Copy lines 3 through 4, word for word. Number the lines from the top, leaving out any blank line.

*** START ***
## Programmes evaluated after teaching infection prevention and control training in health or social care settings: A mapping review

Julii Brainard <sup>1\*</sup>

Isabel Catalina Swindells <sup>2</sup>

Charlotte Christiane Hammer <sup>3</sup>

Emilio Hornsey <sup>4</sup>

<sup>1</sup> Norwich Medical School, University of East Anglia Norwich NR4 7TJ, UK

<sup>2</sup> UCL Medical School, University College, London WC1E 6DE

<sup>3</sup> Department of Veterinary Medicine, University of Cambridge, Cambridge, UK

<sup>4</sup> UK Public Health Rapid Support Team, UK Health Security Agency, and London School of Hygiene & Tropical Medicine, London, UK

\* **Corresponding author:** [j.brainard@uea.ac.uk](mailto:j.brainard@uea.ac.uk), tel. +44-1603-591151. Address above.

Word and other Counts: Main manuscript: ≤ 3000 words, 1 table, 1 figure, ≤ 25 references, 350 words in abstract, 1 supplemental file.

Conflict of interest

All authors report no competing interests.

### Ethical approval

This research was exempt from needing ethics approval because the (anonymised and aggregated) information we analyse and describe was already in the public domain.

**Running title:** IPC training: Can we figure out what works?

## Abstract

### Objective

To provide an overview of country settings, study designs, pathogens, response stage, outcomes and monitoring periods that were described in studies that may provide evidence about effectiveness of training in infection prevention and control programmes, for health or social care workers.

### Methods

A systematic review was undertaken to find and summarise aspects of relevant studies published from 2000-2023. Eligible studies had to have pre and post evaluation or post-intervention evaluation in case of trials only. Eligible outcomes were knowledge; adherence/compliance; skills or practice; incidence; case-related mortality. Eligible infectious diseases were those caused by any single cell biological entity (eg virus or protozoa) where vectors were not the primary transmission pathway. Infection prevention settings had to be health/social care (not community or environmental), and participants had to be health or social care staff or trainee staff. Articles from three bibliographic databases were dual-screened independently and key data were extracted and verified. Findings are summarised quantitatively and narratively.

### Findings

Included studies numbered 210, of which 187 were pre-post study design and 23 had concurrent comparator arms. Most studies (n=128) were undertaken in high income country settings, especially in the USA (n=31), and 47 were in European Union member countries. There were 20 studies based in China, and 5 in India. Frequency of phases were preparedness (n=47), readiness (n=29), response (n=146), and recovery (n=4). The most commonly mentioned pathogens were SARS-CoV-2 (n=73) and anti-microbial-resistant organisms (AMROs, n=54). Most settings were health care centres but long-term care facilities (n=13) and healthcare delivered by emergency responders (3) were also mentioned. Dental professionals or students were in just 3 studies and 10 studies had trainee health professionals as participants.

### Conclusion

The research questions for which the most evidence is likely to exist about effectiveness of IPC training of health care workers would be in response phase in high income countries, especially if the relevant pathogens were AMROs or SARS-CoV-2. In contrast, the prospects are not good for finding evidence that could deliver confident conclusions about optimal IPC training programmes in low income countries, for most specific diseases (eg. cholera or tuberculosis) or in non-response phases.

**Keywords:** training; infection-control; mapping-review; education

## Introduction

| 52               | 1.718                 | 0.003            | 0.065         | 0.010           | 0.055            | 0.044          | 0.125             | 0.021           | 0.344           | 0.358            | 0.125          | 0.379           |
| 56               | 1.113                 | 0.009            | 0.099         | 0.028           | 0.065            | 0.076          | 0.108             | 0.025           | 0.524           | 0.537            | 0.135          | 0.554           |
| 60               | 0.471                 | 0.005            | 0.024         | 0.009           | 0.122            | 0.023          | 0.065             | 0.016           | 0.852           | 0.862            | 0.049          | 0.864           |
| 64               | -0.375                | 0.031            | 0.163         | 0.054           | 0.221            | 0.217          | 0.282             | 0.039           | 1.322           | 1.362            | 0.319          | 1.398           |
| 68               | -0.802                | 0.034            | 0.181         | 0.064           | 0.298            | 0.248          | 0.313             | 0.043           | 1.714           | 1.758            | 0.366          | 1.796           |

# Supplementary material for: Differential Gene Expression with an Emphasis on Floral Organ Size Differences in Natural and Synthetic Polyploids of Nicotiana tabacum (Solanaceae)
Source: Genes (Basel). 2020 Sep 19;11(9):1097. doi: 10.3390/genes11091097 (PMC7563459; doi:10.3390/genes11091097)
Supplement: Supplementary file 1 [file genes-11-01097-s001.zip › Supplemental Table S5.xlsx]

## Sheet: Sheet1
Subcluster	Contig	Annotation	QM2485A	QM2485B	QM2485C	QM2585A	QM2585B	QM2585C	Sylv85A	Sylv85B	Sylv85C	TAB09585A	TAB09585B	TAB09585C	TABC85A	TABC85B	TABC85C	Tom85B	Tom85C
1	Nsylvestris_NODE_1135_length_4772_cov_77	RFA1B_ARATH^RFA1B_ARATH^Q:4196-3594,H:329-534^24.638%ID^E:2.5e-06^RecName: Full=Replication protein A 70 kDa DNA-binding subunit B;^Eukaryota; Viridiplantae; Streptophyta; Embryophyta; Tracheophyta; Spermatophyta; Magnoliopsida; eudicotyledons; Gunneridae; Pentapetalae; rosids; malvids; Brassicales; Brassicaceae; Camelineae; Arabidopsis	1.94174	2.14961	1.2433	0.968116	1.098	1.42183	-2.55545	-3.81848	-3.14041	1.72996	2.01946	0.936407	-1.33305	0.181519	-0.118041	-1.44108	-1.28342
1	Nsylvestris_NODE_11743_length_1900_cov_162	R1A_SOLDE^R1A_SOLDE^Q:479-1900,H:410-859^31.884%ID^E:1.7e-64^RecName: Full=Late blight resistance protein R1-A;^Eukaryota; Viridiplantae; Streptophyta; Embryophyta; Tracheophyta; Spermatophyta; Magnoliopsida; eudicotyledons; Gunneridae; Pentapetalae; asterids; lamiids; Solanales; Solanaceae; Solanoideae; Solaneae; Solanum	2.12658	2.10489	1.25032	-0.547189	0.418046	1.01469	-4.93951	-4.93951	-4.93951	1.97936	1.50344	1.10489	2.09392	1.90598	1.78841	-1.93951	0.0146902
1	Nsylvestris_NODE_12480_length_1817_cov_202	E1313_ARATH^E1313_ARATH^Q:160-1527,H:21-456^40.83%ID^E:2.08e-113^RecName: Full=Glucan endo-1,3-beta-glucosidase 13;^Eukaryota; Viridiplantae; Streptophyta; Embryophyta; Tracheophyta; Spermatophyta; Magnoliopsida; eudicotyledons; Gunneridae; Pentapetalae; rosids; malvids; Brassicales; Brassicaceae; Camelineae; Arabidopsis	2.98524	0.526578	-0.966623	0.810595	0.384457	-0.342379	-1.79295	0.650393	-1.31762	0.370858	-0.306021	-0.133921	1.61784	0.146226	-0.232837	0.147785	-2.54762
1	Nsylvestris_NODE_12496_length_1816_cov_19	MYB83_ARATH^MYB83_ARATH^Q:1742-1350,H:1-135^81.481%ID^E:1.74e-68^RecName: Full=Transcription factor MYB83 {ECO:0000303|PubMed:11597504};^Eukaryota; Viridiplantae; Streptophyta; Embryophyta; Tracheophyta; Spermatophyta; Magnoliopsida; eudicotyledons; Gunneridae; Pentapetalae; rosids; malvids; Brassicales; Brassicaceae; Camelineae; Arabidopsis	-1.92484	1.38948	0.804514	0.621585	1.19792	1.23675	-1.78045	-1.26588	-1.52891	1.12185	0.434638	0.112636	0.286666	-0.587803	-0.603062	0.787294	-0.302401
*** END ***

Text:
Isabel Catalina Swindells <sup>2</sup>

Charlotte Christiane Hammer <sup>3</sup>